The last time I visited my family in Recife, we gathered around the computer so my cousins could show me the video montage made out of an interview with a woman who has become known on YouTube as “The Stutterer of Ilheus.” While I freely admit that it is tasteless to laugh at someone with a speech impediment, she became a minor social media sensation in equal part because of how vehemently she spoke out against the sorry state that her town was in due to neglect from local officials. Despite her stutter, she eagerly gave several interviews after her initial one.
The questions that remain for Brazil are much like the ones that followed Occupy Wall Street, or the Arab Spring. How long will they last? Some say they might persist, but similar predictions were made about the Wall Street Protests. What really triggered them? As political scientist Takoma Park at Dart-Throwing Chimp points out, it could be anything or everything:
We can’t learn a whole lot about the causes of mass protest by simply cataloging the conditions and things participants tell us about their motivations in cases where they occur. That information is useful, but not so much on its own.
To make real headway on causal analysis, we have to engage in contrasts. To learn about the origins of mass protest, for example, we need to compare cases where uprisings occur with ones where they don’t. Yes, income inequality is high in Brazil, but the same can be said for many of its regional neighbors. If inequality foments uprisings, why aren’t we seeing waves of mass protest in Honduras or Bolivia or Colombia or Paraguay? Meanwhile, inequality was comparatively low in many countries touched by the “Arab awakening.” According to World Bank data, income inequality is lower in Tunisia, Egypt, and Syria than in virtually every country in Latin America.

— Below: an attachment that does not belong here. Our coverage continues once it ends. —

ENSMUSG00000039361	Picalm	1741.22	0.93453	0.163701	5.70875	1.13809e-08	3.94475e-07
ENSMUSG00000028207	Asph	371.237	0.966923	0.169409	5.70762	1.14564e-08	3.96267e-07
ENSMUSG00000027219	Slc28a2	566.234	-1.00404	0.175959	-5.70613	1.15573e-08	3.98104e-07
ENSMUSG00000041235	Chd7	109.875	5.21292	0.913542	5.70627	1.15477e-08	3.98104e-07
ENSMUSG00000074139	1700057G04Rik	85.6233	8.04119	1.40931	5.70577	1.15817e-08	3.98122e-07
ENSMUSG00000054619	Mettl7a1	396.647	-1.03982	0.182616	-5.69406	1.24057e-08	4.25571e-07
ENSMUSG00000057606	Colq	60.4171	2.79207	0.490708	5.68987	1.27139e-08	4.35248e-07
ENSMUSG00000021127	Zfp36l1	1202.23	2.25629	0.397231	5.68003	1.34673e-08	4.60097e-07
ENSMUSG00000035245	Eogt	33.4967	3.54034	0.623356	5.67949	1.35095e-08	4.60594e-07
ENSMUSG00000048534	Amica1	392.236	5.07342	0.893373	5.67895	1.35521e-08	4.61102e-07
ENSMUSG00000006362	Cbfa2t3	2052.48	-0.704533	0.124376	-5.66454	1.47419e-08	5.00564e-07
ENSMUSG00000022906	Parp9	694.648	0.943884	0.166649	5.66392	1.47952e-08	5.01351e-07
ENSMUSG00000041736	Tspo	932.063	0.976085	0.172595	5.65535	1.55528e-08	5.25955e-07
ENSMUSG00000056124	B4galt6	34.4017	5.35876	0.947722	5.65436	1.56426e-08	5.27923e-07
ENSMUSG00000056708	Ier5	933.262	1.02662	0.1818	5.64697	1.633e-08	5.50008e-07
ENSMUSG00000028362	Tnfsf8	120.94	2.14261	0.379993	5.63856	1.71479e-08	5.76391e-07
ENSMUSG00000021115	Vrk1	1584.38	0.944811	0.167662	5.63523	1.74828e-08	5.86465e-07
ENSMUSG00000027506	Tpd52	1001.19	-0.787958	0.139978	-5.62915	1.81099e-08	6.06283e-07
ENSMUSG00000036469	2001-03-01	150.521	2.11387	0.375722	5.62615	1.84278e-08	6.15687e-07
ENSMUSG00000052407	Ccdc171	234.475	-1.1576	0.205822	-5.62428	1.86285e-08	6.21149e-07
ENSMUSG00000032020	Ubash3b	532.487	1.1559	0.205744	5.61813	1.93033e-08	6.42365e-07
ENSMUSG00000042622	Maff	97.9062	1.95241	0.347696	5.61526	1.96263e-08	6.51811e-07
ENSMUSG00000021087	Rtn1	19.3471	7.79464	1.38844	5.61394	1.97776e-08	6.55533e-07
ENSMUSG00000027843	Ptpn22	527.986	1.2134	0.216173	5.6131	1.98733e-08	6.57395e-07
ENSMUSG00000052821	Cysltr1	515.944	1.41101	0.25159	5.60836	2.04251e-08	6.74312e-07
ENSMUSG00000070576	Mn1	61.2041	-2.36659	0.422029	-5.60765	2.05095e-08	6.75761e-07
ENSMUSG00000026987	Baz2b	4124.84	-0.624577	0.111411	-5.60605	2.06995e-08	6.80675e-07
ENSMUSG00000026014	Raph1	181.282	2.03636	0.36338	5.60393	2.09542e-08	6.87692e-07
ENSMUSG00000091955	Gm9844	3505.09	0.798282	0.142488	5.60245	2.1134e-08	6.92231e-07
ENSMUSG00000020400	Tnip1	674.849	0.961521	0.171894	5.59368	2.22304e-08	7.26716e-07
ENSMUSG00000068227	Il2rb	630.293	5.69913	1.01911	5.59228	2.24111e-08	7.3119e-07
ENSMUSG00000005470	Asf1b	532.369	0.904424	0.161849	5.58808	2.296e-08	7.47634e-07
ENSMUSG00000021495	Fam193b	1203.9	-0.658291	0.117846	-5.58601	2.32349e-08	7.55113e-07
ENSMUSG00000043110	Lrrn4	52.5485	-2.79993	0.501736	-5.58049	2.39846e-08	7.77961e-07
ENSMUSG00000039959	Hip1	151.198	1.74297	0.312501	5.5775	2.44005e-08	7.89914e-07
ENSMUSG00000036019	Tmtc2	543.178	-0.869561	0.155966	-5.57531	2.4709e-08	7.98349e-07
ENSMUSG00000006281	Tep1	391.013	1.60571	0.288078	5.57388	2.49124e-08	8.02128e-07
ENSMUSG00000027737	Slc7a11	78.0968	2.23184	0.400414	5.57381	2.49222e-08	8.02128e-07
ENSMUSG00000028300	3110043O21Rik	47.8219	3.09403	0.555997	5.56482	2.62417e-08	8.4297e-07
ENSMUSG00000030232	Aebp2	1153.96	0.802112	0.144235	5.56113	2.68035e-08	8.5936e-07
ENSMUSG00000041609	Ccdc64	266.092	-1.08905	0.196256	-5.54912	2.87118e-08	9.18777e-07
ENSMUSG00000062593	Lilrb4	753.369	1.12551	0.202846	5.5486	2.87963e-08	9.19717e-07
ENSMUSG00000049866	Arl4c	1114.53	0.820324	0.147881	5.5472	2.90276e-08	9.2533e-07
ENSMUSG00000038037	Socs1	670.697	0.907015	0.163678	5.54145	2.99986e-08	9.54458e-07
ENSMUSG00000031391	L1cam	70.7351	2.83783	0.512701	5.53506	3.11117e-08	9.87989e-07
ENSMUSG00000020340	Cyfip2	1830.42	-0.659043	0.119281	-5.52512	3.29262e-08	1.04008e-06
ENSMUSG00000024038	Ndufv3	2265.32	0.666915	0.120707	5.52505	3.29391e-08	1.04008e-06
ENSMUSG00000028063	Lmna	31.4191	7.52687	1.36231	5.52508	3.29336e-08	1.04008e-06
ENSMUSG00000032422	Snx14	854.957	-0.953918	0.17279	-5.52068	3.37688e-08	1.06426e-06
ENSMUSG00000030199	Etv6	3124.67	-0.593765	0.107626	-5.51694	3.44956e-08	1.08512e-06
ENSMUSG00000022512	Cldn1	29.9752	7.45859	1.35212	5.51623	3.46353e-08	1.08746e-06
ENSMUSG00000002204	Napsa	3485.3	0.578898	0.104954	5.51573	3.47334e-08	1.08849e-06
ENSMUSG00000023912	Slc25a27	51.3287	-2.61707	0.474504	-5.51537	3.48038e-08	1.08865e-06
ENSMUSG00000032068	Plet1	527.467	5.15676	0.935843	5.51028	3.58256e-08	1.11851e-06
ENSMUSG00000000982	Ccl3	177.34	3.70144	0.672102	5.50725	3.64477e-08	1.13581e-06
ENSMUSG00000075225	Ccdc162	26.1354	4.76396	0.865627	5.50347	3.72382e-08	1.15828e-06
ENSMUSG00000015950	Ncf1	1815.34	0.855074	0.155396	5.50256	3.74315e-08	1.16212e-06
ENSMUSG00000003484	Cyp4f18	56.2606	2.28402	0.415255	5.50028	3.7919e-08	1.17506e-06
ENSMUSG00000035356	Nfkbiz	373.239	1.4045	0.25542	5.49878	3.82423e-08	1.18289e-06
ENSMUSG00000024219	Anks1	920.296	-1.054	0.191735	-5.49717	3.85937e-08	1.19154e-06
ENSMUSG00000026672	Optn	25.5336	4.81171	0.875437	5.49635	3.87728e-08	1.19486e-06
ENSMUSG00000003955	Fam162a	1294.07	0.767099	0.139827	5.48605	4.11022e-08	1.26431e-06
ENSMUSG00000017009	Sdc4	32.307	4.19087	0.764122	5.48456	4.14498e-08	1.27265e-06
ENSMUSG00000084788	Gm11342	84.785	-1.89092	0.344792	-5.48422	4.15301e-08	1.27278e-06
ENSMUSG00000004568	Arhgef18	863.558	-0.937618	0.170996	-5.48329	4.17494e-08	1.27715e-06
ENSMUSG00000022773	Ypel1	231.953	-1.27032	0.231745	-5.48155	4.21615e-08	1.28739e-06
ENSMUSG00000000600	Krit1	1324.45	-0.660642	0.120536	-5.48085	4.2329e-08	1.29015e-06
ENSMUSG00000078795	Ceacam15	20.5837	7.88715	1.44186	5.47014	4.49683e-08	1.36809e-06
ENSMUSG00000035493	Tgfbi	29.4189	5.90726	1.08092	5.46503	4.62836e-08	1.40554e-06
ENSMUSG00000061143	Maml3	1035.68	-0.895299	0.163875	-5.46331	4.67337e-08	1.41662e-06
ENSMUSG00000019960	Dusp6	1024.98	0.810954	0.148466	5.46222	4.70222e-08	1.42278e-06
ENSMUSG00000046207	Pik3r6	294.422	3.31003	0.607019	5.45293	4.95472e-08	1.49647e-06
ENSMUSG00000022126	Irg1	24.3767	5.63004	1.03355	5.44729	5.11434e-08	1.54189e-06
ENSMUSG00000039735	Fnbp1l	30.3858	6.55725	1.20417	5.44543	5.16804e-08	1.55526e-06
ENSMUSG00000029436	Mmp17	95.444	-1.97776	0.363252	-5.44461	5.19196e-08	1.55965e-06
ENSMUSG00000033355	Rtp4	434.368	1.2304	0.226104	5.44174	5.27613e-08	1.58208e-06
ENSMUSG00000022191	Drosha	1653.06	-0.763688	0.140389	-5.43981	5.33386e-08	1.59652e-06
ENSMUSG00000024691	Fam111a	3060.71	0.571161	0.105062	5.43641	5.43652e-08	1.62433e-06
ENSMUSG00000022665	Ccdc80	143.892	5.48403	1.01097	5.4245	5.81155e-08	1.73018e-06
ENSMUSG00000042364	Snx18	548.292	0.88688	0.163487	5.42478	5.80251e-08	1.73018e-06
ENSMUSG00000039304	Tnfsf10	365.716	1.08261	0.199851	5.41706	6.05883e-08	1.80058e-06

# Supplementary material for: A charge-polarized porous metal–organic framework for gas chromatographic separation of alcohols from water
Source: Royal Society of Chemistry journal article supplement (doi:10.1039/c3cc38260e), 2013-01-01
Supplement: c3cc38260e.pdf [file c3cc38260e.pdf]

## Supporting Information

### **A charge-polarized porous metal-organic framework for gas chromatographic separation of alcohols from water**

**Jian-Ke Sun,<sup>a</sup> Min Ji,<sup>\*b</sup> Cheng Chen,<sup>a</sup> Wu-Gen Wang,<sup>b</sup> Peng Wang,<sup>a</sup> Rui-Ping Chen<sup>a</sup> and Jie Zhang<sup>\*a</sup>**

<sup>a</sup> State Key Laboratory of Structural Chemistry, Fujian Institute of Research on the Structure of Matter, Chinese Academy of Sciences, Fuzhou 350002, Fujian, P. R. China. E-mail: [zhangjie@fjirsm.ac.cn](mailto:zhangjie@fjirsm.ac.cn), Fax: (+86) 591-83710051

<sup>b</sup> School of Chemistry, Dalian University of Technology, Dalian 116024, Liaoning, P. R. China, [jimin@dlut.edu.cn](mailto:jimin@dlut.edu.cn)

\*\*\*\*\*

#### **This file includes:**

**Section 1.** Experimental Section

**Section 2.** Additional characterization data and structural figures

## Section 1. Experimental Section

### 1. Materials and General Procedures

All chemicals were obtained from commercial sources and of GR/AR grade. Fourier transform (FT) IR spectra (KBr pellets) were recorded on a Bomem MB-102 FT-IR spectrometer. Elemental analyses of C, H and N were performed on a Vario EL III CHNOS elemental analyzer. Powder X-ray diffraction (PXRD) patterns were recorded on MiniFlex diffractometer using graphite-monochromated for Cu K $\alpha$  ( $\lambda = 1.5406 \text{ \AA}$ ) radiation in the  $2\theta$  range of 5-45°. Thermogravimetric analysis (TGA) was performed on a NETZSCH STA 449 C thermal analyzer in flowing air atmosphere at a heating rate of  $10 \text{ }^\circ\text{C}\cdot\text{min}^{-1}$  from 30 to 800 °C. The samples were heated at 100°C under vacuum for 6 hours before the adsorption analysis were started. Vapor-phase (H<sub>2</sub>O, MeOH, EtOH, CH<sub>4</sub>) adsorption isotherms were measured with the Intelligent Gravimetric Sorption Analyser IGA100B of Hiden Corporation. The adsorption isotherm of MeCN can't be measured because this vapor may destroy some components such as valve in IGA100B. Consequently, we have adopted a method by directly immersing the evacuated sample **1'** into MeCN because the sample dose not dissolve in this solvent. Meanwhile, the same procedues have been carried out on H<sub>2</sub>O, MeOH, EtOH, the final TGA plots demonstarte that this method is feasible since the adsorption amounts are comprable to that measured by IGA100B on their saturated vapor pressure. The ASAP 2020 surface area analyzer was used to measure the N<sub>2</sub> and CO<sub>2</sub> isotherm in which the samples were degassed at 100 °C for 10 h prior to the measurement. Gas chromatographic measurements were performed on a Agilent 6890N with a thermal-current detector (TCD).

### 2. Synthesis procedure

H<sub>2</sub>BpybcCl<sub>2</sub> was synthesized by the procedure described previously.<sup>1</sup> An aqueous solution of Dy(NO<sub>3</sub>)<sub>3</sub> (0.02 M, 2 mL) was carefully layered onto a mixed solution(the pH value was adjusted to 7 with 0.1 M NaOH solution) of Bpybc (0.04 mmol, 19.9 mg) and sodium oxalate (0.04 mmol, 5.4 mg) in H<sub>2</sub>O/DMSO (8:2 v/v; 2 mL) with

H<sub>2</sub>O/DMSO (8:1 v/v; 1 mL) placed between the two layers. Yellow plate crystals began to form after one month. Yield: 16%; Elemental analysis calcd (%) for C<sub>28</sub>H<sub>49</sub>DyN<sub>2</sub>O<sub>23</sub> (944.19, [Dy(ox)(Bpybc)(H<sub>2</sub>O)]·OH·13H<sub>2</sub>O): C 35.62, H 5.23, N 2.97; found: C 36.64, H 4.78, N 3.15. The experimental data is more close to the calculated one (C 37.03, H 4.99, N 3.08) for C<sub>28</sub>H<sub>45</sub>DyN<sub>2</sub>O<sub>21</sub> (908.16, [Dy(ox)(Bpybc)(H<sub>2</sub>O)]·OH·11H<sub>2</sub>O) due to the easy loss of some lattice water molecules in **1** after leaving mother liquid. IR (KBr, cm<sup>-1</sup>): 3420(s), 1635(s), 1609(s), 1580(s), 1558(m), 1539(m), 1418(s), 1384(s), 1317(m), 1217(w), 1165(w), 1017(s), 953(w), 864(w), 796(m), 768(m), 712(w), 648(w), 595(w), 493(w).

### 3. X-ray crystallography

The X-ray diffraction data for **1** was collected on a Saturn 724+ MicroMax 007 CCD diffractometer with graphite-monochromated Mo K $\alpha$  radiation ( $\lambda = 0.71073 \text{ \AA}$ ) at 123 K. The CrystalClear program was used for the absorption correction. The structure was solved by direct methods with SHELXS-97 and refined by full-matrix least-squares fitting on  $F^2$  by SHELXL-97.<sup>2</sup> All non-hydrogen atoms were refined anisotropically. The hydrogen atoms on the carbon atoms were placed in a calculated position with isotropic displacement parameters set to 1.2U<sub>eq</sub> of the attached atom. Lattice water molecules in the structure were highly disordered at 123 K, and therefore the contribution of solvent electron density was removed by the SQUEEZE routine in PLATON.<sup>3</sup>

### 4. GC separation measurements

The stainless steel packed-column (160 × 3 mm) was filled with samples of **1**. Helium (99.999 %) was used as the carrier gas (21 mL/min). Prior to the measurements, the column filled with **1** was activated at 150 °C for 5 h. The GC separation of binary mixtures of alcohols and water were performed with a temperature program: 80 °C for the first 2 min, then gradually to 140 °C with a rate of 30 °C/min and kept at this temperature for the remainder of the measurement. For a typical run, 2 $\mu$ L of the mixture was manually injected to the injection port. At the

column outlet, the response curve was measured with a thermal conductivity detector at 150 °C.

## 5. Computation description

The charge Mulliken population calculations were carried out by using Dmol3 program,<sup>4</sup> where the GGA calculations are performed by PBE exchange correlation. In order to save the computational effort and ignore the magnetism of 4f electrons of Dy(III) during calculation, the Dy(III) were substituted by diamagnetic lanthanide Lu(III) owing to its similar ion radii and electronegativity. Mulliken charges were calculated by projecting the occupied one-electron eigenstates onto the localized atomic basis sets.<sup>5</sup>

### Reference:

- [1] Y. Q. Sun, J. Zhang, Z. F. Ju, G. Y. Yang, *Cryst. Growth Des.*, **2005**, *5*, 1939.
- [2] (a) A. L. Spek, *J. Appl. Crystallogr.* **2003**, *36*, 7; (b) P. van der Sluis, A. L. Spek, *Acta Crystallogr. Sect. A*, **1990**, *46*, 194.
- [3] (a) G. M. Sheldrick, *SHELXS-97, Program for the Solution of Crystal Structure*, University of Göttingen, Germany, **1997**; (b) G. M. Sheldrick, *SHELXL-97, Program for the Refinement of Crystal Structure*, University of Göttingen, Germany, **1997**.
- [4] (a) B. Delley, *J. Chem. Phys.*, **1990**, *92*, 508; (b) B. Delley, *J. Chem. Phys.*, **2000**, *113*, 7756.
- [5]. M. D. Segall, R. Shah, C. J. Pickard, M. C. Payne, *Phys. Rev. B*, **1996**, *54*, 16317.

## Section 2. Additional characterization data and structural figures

My mother told me this morning that there was a big protest in Houston held by Brazilian expats who wanted to stand in solidarity with the demonstrations in the country. It made me wonder: what gives someone a stake in these types of demonstrations. Is this, like the media analysts are claiming, a worldwide middle-class uprising? Do Brazilians living abroad truly understand what their countrymen are crying out against back home? What about those of us with citizenship and (some) culture, but no experience living there? Should I protest, or even blog about it?
There are a lot of analysts drawing parallels between Brazil and Turkey, and now it would seem that they have inspired similar demonstrations in Bulgaria. But when it comes down to it, I think each country’s movement – much like every individual’s sense of identity – belongs to, and must be defined, by them. As long as the voices are heard, maybe the demands are secondary.
My cousin Penelope sent e-mails to the family with two videos about the Brazilian protests. The first one is a short film about one of the marches held in Recife, my family’s hometown.
The second is an interview with a man commenting on vandalism and violence in some of the demonstrations. It’s in Portuguese, but the main point he makes in the video is that while he doesn’t advocate violent protests, he doesn’t think the government has any right to decry demonstrators for it. He says vandalism is when “politicians steal public money, when my son dies in a hospital because there are no doctors or medicines because of the rampant corruption.”